Ubuntu School – What Groups Do I Belong To?

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This is a quick one. If you need to figure out what groups your user account belongs to you can simply use the **groups** command from the command line: ``` kdmurray@titan:~$ groups kdmurray adm cdrom sudo dip plugdev sambashare lpadmin debian-transmission smbmedia smbbackups ccnet ``` You can also use this command to find out what groups any other users belong to. This is particularly useful when setting up new services or new network shares and you need to confirm which groups the user belongs to. ``` kdmurray@titan:~$ groups ccnet ccnet : users ccnet ``` Try to find yourself a use for the **groups** command this week!
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Ubuntu School – Add an Existing User to a Group

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Occasionally you need to grant an existing user some additional permissions to files, directories or applications. This typically means some kind of change in your permissions settings for the object in question. But because you can only have a single owner for a given object you need to be careful making these changes. Something you can do, though, is extend the permissions on the object to a set of users by way of a group. Logically, a group is nothing more than a named collection of users who all have the same access (by way of that group) to some resource. Users in Ubuntu typically carry one primary, and one or more secondary groups (I won't get into the differences here). By adding group permissions to your resources (ie give…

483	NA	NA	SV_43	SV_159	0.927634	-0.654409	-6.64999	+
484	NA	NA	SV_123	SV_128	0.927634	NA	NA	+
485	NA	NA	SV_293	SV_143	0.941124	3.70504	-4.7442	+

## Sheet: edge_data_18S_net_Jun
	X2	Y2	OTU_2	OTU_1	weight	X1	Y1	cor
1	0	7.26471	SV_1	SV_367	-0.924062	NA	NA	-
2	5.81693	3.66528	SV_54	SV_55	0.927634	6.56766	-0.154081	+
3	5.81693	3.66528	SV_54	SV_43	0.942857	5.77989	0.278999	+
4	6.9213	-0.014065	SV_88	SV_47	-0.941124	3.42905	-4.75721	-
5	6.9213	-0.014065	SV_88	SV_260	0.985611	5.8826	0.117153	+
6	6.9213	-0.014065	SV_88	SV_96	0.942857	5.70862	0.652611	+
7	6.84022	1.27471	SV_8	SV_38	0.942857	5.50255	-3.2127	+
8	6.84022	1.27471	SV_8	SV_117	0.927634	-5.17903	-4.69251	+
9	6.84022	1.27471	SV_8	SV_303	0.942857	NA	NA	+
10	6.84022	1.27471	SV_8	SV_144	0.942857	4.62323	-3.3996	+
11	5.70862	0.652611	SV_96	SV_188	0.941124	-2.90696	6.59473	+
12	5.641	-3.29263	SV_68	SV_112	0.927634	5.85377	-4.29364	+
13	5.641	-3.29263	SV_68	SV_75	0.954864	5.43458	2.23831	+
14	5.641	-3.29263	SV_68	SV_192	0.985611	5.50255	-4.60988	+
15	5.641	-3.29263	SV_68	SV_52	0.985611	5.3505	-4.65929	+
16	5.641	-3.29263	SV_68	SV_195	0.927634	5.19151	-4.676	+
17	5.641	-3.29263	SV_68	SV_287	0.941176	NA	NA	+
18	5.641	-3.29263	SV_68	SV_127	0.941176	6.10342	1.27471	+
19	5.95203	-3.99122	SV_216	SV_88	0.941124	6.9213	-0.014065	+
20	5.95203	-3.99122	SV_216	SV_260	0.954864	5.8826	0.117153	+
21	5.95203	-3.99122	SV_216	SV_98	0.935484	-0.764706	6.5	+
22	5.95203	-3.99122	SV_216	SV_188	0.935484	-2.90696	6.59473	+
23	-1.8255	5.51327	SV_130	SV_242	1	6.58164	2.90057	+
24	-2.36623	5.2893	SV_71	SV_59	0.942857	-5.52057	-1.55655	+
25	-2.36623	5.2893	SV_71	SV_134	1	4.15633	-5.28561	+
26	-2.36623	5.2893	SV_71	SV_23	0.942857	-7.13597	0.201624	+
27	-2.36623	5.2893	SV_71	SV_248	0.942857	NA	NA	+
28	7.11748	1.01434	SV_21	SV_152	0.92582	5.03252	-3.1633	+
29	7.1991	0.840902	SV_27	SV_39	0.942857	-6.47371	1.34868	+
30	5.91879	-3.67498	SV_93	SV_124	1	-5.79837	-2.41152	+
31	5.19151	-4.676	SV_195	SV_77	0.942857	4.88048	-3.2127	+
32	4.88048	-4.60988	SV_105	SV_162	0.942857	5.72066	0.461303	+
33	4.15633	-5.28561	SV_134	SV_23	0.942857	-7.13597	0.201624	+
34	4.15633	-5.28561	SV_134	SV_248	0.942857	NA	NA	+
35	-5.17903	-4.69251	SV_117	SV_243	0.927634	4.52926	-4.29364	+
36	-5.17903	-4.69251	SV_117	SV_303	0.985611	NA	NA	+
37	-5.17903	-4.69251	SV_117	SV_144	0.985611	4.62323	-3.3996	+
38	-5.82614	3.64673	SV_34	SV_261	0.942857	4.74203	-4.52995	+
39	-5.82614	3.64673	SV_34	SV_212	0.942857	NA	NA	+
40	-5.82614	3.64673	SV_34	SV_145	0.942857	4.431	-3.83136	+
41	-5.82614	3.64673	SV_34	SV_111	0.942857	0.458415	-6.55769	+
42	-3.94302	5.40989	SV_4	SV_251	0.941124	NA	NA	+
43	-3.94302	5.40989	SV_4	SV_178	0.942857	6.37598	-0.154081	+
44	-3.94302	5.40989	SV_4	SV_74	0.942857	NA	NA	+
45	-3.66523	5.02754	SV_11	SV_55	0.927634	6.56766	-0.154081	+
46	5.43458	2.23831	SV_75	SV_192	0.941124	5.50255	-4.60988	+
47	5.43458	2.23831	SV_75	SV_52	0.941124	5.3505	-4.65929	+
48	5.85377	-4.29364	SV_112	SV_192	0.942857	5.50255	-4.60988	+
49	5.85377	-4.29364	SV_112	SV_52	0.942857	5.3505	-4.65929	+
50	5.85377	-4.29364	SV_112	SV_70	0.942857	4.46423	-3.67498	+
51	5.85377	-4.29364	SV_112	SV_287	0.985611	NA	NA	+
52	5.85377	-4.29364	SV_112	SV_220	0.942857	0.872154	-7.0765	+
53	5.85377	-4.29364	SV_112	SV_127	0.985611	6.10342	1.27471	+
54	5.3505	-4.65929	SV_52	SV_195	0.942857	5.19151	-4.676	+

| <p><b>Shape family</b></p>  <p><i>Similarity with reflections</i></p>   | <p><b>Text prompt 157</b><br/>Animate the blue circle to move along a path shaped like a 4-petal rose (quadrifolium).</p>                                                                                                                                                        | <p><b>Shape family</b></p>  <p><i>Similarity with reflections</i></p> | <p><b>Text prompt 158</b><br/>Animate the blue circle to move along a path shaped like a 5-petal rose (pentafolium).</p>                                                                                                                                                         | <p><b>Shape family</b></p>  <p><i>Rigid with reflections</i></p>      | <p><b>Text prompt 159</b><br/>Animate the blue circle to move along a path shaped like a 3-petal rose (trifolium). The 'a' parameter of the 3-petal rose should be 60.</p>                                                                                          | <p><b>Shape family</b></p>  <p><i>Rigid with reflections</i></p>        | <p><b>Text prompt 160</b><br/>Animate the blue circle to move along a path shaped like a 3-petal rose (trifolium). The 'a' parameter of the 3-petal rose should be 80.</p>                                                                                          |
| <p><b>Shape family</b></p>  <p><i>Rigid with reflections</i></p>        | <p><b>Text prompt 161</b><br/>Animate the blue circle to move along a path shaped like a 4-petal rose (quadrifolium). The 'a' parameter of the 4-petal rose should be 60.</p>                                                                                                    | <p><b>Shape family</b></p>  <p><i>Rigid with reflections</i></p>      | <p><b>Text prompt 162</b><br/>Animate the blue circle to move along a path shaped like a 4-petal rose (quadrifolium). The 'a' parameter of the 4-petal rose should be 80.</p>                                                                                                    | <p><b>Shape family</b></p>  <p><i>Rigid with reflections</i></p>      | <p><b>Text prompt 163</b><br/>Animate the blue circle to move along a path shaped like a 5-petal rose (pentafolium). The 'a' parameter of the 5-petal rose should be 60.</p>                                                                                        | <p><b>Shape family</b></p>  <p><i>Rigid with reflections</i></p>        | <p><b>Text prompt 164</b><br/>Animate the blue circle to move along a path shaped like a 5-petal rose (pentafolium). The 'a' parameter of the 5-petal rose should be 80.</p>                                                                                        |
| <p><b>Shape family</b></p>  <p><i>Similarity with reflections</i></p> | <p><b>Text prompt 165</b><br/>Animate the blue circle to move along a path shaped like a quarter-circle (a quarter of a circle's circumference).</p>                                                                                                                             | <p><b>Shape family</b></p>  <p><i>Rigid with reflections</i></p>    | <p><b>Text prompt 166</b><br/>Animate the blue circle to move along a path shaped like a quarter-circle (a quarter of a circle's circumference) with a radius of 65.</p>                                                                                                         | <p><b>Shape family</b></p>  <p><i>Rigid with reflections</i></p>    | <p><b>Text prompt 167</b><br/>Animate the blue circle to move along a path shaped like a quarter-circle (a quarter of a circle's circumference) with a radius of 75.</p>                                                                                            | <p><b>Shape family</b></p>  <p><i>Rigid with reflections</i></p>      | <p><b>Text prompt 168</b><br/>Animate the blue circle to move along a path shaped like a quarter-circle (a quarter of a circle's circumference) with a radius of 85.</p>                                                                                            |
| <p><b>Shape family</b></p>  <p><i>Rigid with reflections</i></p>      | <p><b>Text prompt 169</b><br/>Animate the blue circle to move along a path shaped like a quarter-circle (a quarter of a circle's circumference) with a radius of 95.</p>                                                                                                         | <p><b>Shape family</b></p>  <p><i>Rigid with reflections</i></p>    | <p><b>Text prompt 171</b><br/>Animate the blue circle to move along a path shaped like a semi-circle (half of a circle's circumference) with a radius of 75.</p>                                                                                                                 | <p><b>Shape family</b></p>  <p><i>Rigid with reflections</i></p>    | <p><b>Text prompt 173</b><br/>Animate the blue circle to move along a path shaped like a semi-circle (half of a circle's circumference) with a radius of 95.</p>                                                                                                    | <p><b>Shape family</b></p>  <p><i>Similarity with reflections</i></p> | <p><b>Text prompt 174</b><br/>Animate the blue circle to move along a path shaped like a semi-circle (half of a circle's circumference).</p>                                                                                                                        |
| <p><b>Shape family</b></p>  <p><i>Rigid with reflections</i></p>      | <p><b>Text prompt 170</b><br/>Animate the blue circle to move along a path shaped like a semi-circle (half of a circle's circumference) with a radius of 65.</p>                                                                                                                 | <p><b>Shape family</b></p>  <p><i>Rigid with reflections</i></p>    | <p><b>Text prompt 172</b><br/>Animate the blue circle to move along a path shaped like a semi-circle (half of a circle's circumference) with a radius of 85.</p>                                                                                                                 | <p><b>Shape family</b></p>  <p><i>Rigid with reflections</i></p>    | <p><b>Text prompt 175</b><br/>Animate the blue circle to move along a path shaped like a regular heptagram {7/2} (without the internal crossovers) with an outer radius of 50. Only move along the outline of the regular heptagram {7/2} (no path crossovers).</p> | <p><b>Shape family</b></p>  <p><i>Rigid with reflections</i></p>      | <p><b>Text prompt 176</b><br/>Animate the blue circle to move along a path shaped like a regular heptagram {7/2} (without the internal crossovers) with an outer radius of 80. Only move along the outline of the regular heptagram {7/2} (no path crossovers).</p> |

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Ubuntu School – Creating a New User

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There are two built-in commands for creating a user from the command-line in Ubuntu: useradd and adduser. useradd is the older command which has, for the most part, been deprecated in favour of the more user-friendly adduser command. Both will allow you to create new user accounts, set up home directories and generally move in the right direction, but adduser will prompt you for information you didn't include whereas useradd will assume you didn't want those things (ie create the home directory). ``` sudo adduser theboss ``` will produce an output similar to ``` Adding user 'theboss' ... Adding new group 'theboss' (1001) ... Adding new user 'theboss' (1001) with group 'theboss' ... Creating home directory '/home/theboss' ... Copying files from '/etc/skel' ... Enter new UNIX password: Retype new UNIX…
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